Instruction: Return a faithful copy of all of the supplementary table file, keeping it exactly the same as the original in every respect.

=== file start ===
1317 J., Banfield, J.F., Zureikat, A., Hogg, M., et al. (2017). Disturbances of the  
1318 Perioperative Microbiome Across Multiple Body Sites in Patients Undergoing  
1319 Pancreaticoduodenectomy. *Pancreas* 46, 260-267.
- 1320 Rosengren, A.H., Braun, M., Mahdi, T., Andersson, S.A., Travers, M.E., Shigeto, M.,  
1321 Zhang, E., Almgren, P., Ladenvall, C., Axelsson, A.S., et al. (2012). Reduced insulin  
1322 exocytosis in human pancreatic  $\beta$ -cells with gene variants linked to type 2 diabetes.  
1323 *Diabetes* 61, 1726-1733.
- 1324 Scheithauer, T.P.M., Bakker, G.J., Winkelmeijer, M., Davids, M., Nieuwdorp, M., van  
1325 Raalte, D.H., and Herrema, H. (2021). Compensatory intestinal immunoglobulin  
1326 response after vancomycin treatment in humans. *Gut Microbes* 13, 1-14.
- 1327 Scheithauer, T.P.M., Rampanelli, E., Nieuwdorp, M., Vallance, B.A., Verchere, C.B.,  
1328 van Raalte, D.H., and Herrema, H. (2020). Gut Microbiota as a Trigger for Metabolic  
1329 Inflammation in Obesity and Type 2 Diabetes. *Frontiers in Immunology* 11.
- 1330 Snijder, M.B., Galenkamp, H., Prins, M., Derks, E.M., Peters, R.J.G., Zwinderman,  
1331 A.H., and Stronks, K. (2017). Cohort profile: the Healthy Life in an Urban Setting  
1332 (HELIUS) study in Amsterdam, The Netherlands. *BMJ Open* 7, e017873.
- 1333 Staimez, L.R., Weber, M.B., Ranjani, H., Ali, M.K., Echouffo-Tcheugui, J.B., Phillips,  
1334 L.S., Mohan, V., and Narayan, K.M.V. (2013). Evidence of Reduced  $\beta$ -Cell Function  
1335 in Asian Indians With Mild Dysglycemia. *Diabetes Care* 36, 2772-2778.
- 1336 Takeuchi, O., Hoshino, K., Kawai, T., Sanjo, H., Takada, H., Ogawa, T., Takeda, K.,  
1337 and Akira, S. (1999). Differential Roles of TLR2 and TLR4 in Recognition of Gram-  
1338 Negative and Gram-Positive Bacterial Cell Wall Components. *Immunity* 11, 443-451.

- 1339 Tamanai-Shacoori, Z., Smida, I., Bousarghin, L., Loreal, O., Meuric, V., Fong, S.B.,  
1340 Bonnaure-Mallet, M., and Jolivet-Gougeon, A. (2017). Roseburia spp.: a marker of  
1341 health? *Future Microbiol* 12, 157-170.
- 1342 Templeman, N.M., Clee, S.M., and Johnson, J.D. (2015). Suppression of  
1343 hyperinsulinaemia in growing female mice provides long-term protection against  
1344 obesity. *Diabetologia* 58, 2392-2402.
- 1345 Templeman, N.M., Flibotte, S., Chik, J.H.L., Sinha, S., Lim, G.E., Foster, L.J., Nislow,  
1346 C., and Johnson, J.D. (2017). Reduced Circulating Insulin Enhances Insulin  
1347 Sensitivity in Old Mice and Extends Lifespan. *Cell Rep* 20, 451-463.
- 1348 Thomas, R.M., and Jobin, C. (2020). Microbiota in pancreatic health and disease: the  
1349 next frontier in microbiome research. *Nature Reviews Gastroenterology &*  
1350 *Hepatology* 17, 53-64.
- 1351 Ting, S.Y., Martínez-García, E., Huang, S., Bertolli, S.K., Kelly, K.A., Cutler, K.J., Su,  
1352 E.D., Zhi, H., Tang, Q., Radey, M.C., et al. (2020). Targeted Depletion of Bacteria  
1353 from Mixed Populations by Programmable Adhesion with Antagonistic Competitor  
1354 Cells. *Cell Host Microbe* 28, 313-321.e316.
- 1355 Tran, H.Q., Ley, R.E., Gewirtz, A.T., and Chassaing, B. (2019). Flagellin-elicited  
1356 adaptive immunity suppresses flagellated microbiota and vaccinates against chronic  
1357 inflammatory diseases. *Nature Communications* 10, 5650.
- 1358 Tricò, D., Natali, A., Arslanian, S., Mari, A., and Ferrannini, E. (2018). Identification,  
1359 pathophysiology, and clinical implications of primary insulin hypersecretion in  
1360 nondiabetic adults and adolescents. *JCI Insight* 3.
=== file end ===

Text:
1317 J., Banfield, J.F., Zureikat, A., Hogg, M., et al. (2017). Disturbances of the  
1318 Perioperative Microbiome Across Multiple Body Sites in Patients Undergoing  
1319 Pancreaticoduodenectomy. *Pancreas* 46, 260-267.
- 1320 Rosengren, A.H., Braun, M., Mahdi, T., Andersson, S.A., Travers, M.E., Shigeto, M.,  
1321 Zhang, E., Almgren, P., Ladenvall, C., Axelsson, A.S., et al. (2012). Reduced insulin  
1322 exocytosis in human pancreatic  $\beta$ -cells with gene variants linked to type 2 diabetes.  
1323 *Diabetes* 61, 1726-1733.
- 1324 Scheithauer, T.P.M., Bakker, G.J., Winkelmeijer, M., Davids, M., Nieuwdorp, M., van  
1325 Raalte, D.H., and Herrema, H. (2021). Compensatory intestinal immunoglobulin  
1326 response after vancomycin treatment in humans. *Gut Microbes* 13, 1-14.
- 1327 Scheithauer, T.P.M., Rampanelli, E., Nieuwdorp, M., Vallance, B.A., Verchere, C.B.,  
1328 van Raalte, D.H., and Herrema, H. (2020). Gut Microbiota as a Trigger for Metabolic  
1329 Inflammation in Obesity and Type 2 Diabetes. *Frontiers in Immunology* 11.
- 1330 Snijder, M.B., Galenkamp, H., Prins, M., Derks, E.M., Peters, R.J.G., Zwinderman,  
1331 A.H., and Stronks, K. (2017). Cohort profile: the Healthy Life in an Urban Setting  
1332 (HELIUS) study in Amsterdam, The Netherlands. *BMJ Open* 7, e017873.
- 1333 Staimez, L.R., Weber, M.B., Ranjani, H., Ali, M.K., Echouffo-Tcheugui, J.B., Phillips,  
1334 L.S., Mohan, V., and Narayan, K.M.V. (2013). Evidence of Reduced  $\beta$ -Cell Function  
1335 in Asian Indians With Mild Dysglycemia. *Diabetes Care* 36, 2772-2778.
- 1336 Takeuchi, O., Hoshino, K., Kawai, T., Sanjo, H., Takada, H., Ogawa, T., Takeda, K.,  
1337 and Akira, S. (1999). Differential Roles of TLR2 and TLR4 in Recognition of Gram-  
1338 Negative and Gram-Positive Bacterial Cell Wall Components. *Immunity* 11, 443-451.

- 1339 Tamanai-Shacoori, Z., Smida, I., Bousarghin, L., Loreal, O., Meuric, V., Fong, S.B.,  
1340 Bonnaure-Mallet, M., and Jolivet-Gougeon, A. (2017). Roseburia spp.: a marker of  
1341 health? *Future Microbiol* 12, 157-170.
- 1342 Templeman, N.M., Clee, S.M., and Johnson, J.D. (2015). Suppression of  
1343 hyperinsulinaemia in growing female mice provides long-term protection against  
1344 obesity. *Diabetologia* 58, 2392-2402.
- 1345 Templeman, N.M., Flibotte, S., Chik, J.H.L., Sinha, S., Lim, G.E., Foster, L.J., Nislow,  
1346 C., and Johnson, J.D. (2017). Reduced Circulating Insulin Enhances Insulin  
1347 Sensitivity in Old Mice and Extends Lifespan. *Cell Rep* 20, 451-463.
- 1348 Thomas, R.M., and Jobin, C. (2020). Microbiota in pancreatic health and disease: the  
1349 next frontier in microbiome research. *Nature Reviews Gastroenterology &*  
1350 *Hepatology* 17, 53-64.
- 1351 Ting, S.Y., Martínez-García, E., Huang, S., Bertolli, S.K., Kelly, K.A., Cutler, K.J., Su,  
1352 E.D., Zhi, H., Tang, Q., Radey, M.C., et al. (2020). Targeted Depletion of Bacteria  
1353 from Mixed Populations by Programmable Adhesion with Antagonistic Competitor  
1354 Cells. *Cell Host Microbe* 28, 313-321.e316.
- 1355 Tran, H.Q., Ley, R.E., Gewirtz, A.T., and Chassaing, B. (2019). Flagellin-elicited  
1356 adaptive immunity suppresses flagellated microbiota and vaccinates against chronic  
1357 inflammatory diseases. *Nature Communications* 10, 5650.
- 1358 Tricò, D., Natali, A., Arslanian, S., Mari, A., and Ferrannini, E. (2018). Identification,  
1359 pathophysiology, and clinical implications of primary insulin hypersecretion in  
1360 nondiabetic adults and adolescents. *JCI Insight* 3.